The magic of the holiday season is made, not guaranteed, and it is all the more wonderful for that. For proof, look no further than food.
The cheeseballs and cinnamon buns and sugar cookies. Cured meats and cheeses and mustard pickles. Coconut balls and fudge and dips. All the good things we surround ourselves with in December.
But what are Atlantic Canadians looking for most this holiday season? Some bloggers from the East Coast offer up their insight.
Meet the bloggers
Shannon McQuaid (@savourbyshannon) is a registered dietitian by training who started her Instagram in 2018. The PEI resident loves making food and posting pictures and created a dedicated account to avoid flooding her personal feed.
“I just decided to put it on another Instagram and have kind of morphed it from there. So now it includes some nutrition stuff, some intuitive eating, some food justice things, but mostly, recipes are the primary focus of it.”
Newfoundland’s Glenda Truitt (@gmt709 on Instagram) was a teacher for the deaf, hard of hearing, blind and visually impaired for 30 years. When she retired in June 2020, she began learning about food photography as a hobby.
“That’s kind of where my page ended up growing from. I’m just kind of stumbling along and it’s trial and error, but the Instagram page has kind of gotten a life of its own,” she says. “I just put GMT, which was my initials, and 709 because it was my area code. And that’s just the way it stayed.”
Andy Hay(@andyseastcoastkitchen) is from Nova Scotia. His food career from him got a major boost from being runner-up on season seven of Masterchef Canada.
“That really poured gasoline on the whole online part of my business. But I’ve been at it for about four years professionally.”
Traditions, Not Trends
I started out asking these three chefs if there were any holiday trends this year. It turns out that for the holidays, that’s not really the right question.
“I think around Christmastime, it’s less trendy,” says Hay. “For me, it’s all about the classics. That’s what I lean into is just that old-school nostalgia stuff. I think there’ll always be trends, but the stuff that has staying power has been here for a while.”
Hay’s own analytics bear this out. Of the dozens of recipes he has on his website, the one that’s most popular right now is for nuts and bolts.
Given how trying the last two years have been, Truitt also feels like people seem to be looking for comfort above complexity.
“I think we all acknowledge that people are feeling very weary and very in need of comforting things. I think that’s universal,” she says.
“People are looking for things that are not too complicated but that are just going to make them feel happy. Happy and little moments of pleasure.”
Our food memories are strong. Smells and tastes pull us straight back to the moments we first experienced them. Having special holiday foods strengthens that association.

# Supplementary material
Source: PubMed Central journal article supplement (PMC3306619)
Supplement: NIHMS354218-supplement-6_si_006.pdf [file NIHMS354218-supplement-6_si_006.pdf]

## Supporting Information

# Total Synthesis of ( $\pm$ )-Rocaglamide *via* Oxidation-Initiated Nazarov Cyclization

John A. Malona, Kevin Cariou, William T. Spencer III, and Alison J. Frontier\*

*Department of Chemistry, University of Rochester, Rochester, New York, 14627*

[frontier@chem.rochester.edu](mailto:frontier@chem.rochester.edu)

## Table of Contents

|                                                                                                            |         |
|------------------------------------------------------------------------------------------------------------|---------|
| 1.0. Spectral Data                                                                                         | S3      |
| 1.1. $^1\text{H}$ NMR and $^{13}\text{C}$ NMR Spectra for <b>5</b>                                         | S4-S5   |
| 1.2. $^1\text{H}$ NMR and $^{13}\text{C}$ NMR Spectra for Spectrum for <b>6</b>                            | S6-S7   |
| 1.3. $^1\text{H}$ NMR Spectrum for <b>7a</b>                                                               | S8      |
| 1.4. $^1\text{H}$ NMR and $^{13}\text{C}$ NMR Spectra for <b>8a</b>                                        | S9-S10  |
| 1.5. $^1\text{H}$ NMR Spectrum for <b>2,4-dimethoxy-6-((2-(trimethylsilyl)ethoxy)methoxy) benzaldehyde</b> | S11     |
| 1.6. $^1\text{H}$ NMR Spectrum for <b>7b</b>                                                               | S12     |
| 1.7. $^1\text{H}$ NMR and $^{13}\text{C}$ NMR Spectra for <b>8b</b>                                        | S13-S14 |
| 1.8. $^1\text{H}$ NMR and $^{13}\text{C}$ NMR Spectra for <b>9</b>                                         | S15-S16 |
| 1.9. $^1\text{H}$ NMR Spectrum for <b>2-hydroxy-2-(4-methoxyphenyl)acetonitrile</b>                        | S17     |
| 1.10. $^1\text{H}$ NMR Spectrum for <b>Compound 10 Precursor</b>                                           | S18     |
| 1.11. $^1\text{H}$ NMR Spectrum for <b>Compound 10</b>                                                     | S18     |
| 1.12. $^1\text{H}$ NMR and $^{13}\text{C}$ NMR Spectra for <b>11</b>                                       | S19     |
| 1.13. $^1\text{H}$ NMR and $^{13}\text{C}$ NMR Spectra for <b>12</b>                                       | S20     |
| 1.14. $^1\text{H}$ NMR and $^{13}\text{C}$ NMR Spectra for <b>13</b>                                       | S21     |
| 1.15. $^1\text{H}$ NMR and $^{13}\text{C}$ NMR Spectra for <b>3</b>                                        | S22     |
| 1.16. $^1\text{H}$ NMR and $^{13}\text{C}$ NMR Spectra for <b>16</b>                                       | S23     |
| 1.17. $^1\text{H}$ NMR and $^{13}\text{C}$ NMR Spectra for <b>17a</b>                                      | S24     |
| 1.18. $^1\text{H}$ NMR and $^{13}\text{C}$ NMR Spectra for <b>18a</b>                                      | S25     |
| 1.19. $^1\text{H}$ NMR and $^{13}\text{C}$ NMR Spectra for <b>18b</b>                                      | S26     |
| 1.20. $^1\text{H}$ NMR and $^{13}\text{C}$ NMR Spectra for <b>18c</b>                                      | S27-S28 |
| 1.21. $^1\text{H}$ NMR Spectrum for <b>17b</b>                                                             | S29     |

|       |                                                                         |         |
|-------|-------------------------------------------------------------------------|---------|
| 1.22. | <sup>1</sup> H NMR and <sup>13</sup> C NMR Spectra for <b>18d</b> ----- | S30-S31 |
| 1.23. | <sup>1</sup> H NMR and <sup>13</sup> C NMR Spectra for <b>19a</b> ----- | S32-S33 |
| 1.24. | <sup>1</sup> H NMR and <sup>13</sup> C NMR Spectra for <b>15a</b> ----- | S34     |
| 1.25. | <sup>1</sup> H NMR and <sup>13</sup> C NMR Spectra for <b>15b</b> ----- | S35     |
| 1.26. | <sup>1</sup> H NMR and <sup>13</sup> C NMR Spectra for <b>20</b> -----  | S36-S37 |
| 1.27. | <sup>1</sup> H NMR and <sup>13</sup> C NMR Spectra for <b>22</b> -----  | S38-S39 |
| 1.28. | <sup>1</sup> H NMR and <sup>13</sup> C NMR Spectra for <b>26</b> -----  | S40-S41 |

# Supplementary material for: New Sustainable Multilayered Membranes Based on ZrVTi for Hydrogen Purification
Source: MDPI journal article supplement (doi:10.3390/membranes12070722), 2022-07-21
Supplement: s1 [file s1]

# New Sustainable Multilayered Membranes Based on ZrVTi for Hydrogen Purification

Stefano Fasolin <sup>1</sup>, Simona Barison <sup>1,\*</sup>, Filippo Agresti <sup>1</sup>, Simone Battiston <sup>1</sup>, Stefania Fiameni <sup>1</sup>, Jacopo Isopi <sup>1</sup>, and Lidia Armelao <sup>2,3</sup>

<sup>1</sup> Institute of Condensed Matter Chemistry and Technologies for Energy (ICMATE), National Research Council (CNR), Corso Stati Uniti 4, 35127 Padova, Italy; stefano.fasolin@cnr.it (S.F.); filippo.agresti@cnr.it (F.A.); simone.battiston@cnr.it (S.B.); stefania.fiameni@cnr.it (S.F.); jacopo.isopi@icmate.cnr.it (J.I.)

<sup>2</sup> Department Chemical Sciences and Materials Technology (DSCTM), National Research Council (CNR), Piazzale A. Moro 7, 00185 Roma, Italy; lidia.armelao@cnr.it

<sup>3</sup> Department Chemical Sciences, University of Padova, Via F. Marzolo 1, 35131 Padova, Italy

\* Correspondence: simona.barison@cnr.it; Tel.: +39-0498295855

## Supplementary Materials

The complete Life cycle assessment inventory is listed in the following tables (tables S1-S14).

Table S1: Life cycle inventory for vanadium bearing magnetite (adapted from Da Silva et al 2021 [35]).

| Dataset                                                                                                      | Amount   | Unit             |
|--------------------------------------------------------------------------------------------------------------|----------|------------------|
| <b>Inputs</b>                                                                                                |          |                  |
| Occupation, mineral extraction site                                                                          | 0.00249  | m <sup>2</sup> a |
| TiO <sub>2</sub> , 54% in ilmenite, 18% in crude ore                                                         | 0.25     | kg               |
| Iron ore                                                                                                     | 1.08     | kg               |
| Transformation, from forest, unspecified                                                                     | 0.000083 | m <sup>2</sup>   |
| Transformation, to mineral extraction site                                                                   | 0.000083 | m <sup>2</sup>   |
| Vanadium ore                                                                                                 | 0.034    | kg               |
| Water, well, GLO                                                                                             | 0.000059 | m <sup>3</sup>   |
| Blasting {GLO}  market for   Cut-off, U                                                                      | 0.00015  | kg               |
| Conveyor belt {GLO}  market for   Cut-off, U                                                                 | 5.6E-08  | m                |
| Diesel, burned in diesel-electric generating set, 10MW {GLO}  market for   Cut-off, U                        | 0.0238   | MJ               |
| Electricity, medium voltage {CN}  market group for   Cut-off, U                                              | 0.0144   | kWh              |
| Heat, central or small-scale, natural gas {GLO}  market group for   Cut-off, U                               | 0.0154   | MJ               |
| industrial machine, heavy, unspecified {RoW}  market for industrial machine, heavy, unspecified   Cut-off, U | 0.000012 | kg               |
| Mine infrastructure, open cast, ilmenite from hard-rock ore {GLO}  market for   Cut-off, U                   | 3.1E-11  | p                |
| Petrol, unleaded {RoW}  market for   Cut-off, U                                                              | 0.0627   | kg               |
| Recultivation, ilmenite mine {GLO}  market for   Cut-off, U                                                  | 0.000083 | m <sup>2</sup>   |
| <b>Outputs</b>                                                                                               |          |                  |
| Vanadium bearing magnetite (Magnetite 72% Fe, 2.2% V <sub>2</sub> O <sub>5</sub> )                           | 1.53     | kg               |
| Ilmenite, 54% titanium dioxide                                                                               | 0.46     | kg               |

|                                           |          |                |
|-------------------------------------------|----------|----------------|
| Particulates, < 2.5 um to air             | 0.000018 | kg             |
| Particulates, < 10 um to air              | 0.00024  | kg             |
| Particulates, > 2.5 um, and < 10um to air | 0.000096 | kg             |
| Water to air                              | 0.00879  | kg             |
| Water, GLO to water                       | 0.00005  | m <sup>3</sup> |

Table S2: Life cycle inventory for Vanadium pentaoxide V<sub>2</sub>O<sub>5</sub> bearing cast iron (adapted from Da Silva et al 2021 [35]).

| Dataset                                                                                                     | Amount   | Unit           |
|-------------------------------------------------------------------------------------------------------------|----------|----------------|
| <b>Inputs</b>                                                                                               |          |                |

“It just gives you that feeling of Christmas. It gives you that special feeling, that magical feeling, that you had when you were a kid,” says McQuaid. “Toys and presents and stuff are great but they lose their luster as you get older, and food always keeps that magic.”
Magic in the Making
We shape and are shaped by the traditions we hold, break, or change. Growing up on the West Coast of Newfoundland, for Truitt, Christmas always meant extra goodies that were only abundant during the holidays.
“I think of more savory things than sweet, although obviously there were Christmas sweets,” she says. “But I think about cheeses. Extra cheeses. Extra cured meats. Extra pickles. Chips and dip. All those little nibbly indulgences. That was a special thing in our house at Christmas.”
‘Tradition’ can also mean things that are ordinary for others can remain extraordinary for us. McQuaid comes from a Swiss background and has been doing charcuterie since before it was cool.
“Every Christmas Eve, we call it Swissmas Eve, and we do charcuterie boards. We’ve done this since I was a kid, before it was called a charcuterie board,” she says.
Making old family recipes, like birra wecka – a kind of yeasted pastry dough filled with dried fruit – helps maintain a tangible connection to family members.
“I have my grandmother’s old apron and I always put that on when I’m doing my Christmas baking,” says McQuaid. “Those things that you probably took for granted as a kid when you could share those times, so to get those memories back.”
For Hay, Christmas Eve means seafood chowder.
“One of those things that just immediately transports me to Christmas Eve. That’s a standard tradition,” he says. “From there, it goes into party snacks like cheese balls, nuts and bolts, spinach and artichoke dip in a bread bowl. On top of that, too, is the desserts. My grandmother, she’s from Newfoundland, and she used to send us parcels in the mail just packed with amazing bars and squares and cookies, so I love that sort of thing.
All three chefs have offered up their most popular recipes for the holidays.
Andy Hay – For when you need a bowl of something to crunch, try Hay’s Ultimate Nuts and Bolts Recipe
Or, if you’re looking for something sweet, try this dessert you’re always willing to rouse yourself out of a food coma and find just a little bit more room for Earl Gray Sticky Toffee Pudding,
Glenda Truitt – For a tangy, spicy addition to cheese and crackers, or whatever else you want to spread this on, try Truitt’s Cranberry and Onion Chutney
Or for a sweet treat that’s also simple to make, try this Rum and Pecan Chocolate Fudge. There’s no need to break out the candy thermometer for this smooth and creamy holiday treat.
Shannon McQuaid – If cranberries want to be part of the holiday we might as well put them to work in more than just desserts and sauce – try McQuaid’s Cranberry Jalapeno Dip.
Or, make these Jean-Luc Picard-approved treats. A happy holiday? Make it so with these Earl Gray Shortbread Cookies.